THE most surprising thing was the acceleration. For those who still think electric cars are powered like milk floats, the performance of even modest models will come as quite a revelation.
Sure, the vehicle I tested recently was no Tesla – the Californian electric supercars – but for a family hatchback, the Nissan LEAF was significantly nippier than another similar-size petrol model we have at home. Like many motorists I’m sure, I’d been curious for some time about what it is like to drive an electric car.
However, other than taking a test drive from a showroom, with the likely sales hassle that would ensue, there are still only limited opportunities among car hire firms in Scotland to rent an electric vehicle. My opportunity came from another quarter, with an offer from City Car Club, the main car-sharing firm in Edinburgh and Glasgow. Although now owned by car hire firm Enterprise, it provides per-hour rental rates for a £60 annual membership fee, with several electric cars in both cities.
My black LEAF was at first glance as nondescript as those parked around it, except for the cable protruding from its bonnet. But get behind the wheel, and it was that rare thing – a very different and exciting driving experience. The first thing that struck me was its simplicity. No need for an ignition key – there’s a button instead. No gears, because it’s like an automatic. And no (or little) noise, especially at low speeds. Cyclists have to contend with jaywalkers crossing in front of them without looking, and several pedestrians glanced around in surprise as they saw me approach, illustrating how many have become reliant on traffic noise alone to know if the road is clear.
However, the real joy is the fuel cost – or lack of it. In areas such as Glasgow, the city council not only provides free parking for electric vehicles in its car parks while they are being recharged, but also free electricity.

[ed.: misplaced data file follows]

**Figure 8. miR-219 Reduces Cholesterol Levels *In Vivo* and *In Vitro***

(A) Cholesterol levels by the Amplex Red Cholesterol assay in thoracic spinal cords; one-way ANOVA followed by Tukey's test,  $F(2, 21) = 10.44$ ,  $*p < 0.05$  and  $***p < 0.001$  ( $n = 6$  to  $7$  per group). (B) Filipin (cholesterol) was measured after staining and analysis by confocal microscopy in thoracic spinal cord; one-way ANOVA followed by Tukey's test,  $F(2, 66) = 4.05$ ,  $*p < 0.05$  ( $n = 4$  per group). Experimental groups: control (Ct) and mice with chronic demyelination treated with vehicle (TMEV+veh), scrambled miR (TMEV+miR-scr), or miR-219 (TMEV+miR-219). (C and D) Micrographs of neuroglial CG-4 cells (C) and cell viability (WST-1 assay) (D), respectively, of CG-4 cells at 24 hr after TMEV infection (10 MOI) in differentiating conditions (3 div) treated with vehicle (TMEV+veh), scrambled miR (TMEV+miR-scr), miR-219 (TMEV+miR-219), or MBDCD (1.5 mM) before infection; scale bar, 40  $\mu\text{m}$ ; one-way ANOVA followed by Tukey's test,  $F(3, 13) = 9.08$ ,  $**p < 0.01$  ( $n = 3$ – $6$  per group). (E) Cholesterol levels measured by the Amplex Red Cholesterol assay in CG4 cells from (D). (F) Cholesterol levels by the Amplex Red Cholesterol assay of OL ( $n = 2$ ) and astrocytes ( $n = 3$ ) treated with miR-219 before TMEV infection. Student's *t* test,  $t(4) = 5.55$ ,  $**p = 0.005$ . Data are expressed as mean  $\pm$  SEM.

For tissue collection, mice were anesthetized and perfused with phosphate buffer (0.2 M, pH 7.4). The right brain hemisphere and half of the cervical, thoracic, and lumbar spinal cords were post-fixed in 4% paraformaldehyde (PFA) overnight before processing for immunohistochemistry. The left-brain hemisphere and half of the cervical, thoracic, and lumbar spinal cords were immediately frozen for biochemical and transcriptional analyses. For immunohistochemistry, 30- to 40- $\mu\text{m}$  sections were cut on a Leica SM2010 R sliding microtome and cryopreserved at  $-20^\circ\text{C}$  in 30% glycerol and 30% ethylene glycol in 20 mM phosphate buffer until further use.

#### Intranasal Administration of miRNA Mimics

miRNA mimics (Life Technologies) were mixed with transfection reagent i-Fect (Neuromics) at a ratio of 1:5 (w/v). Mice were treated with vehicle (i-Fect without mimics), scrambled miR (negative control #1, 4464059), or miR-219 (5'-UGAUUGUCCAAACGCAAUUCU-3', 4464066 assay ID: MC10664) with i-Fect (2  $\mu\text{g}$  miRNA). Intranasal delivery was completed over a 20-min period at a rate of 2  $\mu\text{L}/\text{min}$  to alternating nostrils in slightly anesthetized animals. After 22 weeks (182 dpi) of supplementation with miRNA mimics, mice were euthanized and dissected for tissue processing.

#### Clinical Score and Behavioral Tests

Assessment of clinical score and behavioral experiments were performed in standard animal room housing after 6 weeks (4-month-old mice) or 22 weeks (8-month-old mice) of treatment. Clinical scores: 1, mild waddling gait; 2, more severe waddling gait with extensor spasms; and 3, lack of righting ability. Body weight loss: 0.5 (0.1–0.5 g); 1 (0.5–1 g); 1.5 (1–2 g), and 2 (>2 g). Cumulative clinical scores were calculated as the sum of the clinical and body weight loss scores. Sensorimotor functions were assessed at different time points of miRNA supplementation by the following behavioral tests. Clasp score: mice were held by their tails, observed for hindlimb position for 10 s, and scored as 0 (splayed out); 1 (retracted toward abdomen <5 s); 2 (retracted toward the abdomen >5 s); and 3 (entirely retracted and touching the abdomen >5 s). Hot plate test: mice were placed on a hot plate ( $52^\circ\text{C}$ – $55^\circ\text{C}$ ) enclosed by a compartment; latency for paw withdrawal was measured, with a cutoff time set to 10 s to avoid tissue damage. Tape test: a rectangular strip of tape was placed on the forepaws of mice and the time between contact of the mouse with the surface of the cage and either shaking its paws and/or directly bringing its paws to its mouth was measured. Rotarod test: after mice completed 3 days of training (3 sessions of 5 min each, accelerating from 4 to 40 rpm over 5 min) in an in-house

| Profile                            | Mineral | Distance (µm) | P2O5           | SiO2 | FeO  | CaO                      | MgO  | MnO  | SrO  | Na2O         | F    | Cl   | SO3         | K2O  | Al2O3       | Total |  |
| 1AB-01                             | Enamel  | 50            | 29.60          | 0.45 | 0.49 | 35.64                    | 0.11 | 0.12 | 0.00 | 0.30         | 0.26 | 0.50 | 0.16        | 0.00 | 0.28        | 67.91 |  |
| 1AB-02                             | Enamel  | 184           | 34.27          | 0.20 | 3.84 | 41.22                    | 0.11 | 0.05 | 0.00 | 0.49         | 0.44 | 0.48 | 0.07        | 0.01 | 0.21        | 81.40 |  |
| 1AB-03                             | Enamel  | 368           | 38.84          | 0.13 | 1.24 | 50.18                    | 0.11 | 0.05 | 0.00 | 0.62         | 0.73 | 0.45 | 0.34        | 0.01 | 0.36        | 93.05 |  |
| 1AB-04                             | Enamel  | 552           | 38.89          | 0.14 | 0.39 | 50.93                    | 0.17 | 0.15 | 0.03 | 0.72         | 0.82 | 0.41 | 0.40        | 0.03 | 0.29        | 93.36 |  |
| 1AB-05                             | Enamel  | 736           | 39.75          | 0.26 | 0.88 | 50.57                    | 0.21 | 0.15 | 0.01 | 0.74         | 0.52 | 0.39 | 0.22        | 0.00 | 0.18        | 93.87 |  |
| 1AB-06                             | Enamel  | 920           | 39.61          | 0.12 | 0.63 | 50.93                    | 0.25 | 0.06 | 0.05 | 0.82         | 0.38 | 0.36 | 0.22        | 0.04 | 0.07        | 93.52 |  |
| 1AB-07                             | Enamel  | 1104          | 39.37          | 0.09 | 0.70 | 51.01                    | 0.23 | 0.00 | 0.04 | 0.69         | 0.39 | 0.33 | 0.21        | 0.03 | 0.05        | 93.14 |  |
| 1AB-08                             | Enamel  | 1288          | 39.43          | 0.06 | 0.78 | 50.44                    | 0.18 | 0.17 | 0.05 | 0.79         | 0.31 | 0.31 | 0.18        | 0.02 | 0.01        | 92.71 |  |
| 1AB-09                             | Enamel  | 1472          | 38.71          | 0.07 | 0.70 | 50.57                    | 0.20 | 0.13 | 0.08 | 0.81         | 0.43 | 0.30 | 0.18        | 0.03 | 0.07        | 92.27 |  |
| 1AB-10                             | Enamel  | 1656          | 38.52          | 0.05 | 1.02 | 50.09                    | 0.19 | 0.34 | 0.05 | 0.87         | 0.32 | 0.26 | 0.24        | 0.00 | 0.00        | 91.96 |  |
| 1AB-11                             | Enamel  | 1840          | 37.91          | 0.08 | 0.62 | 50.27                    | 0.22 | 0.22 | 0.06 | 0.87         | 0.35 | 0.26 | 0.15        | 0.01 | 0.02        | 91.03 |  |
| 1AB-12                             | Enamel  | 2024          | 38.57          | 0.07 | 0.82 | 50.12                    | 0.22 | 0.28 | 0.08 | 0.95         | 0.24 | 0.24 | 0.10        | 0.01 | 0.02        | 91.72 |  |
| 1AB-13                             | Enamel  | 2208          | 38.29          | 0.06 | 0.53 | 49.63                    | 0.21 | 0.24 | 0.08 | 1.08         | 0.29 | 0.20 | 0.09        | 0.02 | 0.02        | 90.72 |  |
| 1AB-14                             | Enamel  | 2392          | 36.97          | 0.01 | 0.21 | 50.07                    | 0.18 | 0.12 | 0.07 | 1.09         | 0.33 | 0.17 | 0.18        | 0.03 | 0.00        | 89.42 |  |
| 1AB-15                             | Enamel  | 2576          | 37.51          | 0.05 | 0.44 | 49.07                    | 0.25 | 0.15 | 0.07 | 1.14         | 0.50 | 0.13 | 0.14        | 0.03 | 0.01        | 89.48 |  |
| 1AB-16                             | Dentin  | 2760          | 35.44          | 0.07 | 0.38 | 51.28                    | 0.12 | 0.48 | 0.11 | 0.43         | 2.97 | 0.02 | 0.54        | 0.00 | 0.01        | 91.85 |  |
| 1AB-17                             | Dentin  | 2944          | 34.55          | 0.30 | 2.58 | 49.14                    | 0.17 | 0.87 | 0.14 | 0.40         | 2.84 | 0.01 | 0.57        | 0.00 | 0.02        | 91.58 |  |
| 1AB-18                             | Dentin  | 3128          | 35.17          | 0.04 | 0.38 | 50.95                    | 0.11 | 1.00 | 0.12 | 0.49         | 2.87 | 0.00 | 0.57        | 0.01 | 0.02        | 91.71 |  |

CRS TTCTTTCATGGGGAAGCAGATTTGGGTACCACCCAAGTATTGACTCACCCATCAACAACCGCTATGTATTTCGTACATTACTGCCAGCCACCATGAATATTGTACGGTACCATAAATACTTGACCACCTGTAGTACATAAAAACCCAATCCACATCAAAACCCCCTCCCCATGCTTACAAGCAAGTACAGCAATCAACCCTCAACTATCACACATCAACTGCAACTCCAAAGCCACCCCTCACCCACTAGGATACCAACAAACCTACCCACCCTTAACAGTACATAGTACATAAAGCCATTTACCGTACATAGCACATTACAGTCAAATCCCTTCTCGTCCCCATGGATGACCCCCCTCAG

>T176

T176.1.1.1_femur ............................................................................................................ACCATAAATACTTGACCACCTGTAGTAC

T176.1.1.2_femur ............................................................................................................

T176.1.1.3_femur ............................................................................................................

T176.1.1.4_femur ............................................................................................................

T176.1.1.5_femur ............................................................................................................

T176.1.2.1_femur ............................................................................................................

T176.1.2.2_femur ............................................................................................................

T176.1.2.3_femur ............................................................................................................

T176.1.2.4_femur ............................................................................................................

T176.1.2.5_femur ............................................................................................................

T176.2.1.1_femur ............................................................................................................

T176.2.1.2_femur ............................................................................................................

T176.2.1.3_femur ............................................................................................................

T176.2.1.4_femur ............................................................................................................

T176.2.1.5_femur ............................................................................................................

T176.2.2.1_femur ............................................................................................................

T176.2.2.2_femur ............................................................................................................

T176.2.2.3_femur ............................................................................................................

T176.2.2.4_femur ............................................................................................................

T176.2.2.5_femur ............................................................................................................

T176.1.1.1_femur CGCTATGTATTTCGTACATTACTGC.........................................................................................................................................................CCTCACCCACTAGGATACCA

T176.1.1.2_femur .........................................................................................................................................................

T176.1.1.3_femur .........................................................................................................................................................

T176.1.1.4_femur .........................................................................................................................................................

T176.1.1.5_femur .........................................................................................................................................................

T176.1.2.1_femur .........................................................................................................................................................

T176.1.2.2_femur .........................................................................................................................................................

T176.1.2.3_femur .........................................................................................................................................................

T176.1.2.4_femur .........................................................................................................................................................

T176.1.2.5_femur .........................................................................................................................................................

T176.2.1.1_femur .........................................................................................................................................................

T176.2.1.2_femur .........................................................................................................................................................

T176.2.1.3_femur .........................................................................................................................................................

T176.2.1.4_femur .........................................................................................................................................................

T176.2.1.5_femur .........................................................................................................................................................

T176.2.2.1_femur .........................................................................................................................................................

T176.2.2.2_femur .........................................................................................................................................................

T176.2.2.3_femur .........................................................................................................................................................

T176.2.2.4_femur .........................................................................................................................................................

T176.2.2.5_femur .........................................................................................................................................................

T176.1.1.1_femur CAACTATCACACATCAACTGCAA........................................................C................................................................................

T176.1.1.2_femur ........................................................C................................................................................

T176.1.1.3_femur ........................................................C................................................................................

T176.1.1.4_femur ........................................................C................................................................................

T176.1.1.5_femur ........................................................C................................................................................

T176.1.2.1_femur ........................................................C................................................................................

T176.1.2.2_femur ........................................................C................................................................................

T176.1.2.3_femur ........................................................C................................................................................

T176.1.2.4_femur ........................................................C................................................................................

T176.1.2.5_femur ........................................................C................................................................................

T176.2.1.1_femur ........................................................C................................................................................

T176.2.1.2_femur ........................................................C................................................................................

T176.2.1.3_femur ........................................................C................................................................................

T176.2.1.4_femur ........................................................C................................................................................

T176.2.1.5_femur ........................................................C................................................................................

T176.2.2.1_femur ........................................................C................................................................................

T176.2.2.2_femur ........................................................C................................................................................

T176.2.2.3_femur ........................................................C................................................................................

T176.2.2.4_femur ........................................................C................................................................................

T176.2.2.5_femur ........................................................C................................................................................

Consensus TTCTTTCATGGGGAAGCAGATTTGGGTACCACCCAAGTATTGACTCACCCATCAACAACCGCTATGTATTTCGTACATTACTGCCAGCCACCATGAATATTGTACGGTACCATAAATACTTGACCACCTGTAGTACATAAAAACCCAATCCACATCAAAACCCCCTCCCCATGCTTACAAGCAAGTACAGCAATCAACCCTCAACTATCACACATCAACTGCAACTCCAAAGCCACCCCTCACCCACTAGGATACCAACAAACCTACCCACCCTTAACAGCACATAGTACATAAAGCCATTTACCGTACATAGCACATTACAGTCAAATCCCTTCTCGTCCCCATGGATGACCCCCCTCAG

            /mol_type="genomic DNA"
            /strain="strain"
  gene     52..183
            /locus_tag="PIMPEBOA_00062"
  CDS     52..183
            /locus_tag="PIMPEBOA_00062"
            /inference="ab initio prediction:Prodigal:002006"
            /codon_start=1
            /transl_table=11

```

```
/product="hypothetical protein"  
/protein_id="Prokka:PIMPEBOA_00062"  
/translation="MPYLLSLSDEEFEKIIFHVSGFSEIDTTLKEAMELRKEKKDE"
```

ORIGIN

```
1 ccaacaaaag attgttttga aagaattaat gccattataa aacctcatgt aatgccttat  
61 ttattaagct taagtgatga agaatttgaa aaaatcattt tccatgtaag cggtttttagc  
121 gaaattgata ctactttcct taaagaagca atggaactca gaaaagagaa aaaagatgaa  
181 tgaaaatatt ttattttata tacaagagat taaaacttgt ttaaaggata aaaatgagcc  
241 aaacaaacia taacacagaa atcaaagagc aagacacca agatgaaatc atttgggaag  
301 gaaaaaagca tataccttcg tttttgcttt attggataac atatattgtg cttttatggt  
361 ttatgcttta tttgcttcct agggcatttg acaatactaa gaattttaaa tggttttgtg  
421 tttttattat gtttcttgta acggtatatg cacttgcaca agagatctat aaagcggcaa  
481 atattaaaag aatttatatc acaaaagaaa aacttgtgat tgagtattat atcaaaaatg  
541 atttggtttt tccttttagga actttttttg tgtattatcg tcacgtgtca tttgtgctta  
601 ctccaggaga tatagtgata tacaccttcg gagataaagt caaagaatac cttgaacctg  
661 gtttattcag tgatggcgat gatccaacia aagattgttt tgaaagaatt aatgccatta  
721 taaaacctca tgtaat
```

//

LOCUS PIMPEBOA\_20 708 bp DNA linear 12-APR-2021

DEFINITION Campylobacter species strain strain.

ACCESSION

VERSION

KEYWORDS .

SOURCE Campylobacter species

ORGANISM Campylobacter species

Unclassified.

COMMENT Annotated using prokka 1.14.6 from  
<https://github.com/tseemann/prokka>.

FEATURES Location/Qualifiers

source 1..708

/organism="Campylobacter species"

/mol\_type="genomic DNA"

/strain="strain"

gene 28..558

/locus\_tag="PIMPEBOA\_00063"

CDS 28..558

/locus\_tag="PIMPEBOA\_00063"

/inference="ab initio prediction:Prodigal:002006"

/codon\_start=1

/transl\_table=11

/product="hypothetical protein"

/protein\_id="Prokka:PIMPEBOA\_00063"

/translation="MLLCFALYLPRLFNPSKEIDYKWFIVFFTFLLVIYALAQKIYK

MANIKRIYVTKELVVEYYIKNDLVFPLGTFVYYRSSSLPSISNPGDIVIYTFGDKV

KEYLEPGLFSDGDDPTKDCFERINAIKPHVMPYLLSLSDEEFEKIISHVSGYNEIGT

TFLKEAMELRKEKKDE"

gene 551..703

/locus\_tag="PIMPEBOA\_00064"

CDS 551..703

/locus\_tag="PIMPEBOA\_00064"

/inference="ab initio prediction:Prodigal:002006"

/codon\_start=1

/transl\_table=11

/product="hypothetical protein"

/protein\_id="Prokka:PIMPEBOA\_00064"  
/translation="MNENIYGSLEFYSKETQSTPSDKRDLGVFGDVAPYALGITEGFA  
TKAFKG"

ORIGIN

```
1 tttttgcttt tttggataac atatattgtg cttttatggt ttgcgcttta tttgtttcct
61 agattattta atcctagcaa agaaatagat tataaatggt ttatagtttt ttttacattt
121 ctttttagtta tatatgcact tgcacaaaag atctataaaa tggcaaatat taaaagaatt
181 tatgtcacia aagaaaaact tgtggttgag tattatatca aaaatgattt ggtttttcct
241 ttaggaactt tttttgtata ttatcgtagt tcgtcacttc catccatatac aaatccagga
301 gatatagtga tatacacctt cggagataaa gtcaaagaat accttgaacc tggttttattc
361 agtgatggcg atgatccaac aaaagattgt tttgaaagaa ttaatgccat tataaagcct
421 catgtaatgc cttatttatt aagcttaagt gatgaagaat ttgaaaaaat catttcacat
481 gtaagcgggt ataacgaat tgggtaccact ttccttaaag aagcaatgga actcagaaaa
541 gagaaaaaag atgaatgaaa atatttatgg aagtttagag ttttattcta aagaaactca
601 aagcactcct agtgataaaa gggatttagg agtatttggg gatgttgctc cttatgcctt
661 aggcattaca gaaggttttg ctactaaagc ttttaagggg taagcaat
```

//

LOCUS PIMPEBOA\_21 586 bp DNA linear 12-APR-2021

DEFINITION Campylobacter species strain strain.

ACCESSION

On a Friday night in the city centre there were plenty of empty charging spaces in the multi-storey I chose. Charging is different from filling up with petrol, with a plug rather than a nozzle, and a cable to attach to the charging station. But there’s no walk to the forecourt kiosk to pay – and you hold a smartcard against the charger reader for that free electricity rather than using a bank card to pay the hefty bill for another tank full.
The only fly in the ointment of this smooth process comes if you can’t get to the chargers, as happened one morning when there was a queue to enter the car park I needed to use to make an appointment on time, and the staff declined to assist in allowing me access. So I left the waiting gas guzzlers with their idling, polluting engines and was forced to use a parking meter instead, at the princely rate of 60p for 12 minutes – that’s £3 an hour.
It shows a bit of planning is required, and even more so for charging. The LEAF has a range of 90 miles, so going on longer trips requires finding charging stations en route, which is one of the car’s sat nav’s handy features. Cars with longer ranges are being introduced, including a new version of the LEAF, so that problem may just be temporary. There are also more and more rapid chargers appearing which take just 30 minutes.
But the biggest disincentive to buying an electric car remains the price, despite UK Government grants of up to £5,000, which may not continue after February. Future support is expected to be announced around the time of the Chancellor’s autumn statement next Wednesday. With the LEAF currently costing more than £20,000 new, going electric remains unattractive for many motorists. So the outlook remains unclear.